The FCC has proposed a rulemaking that would convert the $8 billion fund that subsidizes rural telephone service to one that provides broadband Internet service to rural and underserved areas of the country. The proposal involves the Universal Service Fund, which is paid for through fees added onto phone bills and is distributed among telephone companies to subsidize the high costs of providing service to rural areas.
“The Universal Service Fund (USF), which helped connect rural America to telephone service, fails to effectively and efficiently target support for broadband in rural areas,” the FCC said. “USF has also become wasteful and inefficient in some situations, paying over $20,000 a year, nearly $2000 per month, in support per line for some households, while providing little or no support in other communities that lack broadband.”
The FCC said the system is rooted in outdated distinctions between local/long-distance telephone service and inefficient per-minute charges. Intercarrier compensation, the FCC said, also suffers from loopholes that distort markets and derail investment in advanced IP networks.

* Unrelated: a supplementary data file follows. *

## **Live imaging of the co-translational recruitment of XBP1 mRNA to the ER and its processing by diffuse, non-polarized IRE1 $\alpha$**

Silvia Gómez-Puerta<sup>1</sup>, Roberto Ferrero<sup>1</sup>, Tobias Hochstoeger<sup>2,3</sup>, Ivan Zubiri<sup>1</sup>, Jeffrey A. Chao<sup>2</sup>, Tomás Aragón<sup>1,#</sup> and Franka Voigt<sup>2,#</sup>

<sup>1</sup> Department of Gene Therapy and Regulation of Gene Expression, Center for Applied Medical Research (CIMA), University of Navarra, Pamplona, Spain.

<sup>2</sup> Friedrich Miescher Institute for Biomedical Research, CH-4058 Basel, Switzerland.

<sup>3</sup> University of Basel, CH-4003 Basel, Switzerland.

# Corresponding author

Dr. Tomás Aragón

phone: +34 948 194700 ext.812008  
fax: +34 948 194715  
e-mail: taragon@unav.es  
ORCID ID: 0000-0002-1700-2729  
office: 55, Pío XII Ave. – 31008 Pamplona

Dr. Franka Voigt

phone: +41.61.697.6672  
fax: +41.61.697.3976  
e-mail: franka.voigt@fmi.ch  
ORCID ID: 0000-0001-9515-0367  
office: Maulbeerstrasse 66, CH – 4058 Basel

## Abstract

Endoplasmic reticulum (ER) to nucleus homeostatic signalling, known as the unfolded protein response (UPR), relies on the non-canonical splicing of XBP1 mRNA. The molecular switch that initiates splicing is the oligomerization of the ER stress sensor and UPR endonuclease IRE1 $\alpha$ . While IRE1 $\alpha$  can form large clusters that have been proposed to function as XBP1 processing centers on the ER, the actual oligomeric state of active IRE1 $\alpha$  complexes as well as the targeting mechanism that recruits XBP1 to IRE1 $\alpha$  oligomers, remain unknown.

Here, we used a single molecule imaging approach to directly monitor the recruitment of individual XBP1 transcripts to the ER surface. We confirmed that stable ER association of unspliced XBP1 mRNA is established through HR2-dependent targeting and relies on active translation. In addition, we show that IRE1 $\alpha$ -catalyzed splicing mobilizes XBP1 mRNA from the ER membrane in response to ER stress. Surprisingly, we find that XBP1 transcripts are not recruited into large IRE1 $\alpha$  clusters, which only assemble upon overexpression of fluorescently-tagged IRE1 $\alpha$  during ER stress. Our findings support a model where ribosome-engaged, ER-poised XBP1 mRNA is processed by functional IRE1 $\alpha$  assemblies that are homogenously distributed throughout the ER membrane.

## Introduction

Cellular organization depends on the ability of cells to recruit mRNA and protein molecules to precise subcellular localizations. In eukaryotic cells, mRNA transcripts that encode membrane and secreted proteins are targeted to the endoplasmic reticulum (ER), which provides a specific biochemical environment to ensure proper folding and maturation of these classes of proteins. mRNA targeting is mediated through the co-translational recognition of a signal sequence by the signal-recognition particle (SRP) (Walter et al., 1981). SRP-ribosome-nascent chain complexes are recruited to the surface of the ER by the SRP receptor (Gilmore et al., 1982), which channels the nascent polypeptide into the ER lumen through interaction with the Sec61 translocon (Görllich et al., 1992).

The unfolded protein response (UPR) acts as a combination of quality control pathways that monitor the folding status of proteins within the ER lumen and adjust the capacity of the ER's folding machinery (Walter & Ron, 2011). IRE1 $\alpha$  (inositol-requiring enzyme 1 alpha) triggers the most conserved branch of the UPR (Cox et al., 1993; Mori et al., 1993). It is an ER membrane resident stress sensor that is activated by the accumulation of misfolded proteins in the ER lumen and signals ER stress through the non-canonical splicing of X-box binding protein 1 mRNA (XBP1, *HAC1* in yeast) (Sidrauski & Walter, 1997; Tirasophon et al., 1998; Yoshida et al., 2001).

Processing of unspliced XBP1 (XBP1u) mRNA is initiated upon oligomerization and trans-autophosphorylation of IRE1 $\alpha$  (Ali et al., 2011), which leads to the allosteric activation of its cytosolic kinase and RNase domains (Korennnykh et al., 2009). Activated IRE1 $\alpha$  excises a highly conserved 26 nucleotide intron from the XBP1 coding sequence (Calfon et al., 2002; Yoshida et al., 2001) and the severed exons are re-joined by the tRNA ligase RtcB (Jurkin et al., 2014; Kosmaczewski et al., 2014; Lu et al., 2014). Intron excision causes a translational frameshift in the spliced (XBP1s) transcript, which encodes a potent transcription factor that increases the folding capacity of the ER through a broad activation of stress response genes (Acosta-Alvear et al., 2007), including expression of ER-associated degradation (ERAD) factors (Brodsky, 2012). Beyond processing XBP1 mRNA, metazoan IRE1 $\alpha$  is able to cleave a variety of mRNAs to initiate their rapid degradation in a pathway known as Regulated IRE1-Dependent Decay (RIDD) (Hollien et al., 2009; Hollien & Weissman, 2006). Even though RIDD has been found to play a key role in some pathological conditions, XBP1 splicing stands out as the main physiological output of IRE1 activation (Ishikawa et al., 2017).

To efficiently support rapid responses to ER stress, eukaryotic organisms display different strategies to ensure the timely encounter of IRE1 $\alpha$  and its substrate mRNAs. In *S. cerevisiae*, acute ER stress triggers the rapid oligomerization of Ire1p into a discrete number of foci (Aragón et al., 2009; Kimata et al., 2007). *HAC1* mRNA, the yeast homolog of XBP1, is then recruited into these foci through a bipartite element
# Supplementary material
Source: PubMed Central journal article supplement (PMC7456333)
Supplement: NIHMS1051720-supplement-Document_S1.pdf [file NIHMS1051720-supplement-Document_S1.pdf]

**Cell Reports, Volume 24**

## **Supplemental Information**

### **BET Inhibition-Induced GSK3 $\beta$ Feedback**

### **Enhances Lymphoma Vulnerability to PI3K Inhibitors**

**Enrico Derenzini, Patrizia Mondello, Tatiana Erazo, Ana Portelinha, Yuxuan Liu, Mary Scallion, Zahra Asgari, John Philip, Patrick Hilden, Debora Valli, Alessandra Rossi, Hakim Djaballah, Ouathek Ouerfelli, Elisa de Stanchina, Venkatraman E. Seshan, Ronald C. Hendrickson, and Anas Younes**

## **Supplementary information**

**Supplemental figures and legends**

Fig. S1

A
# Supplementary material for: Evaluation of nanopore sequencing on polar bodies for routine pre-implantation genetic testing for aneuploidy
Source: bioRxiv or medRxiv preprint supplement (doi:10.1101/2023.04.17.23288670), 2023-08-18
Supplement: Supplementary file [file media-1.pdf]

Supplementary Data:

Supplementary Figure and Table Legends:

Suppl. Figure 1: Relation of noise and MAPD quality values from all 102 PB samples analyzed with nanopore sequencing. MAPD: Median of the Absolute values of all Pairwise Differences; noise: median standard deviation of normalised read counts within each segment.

The FCC said the change will modernize the USF and intercarrier compensation to support broadband networks to make affordable broadband available to all Americans. It will also accelerate the transition from circuit-switched to IP networks with voice-only capability to one of multimedia applications running over fixed and mobile broadband networks.
In his speech addressing the issue, President Barack Obama also proposed a one-time $5 billion cash infusion (from spectrum auctions) into the FCC USF to subsidize 4G wireless broadband service, $3 billion for wireless R&D and $10.7 billion to create and run an interoperable wireless emergency communications network using D-block spectrum allocated for that purpose.
The current USF and its spending methods are “unsustainable,” said FCC Chairman Julius Genachowski in a speech to the Information Technology and Innovation Foundation, a nonpartisan research institute in Washington. “It was designed for a world with separate local and long-distance telephone companies, a world of traditional landline telephones before cell phones or Skype, a world without the Internet — a world that no longer exists … At the end of this transition, we would no longer subsidize telephone networks; instead, we would support broadband,” which then could be used for phone service, Genachowski said.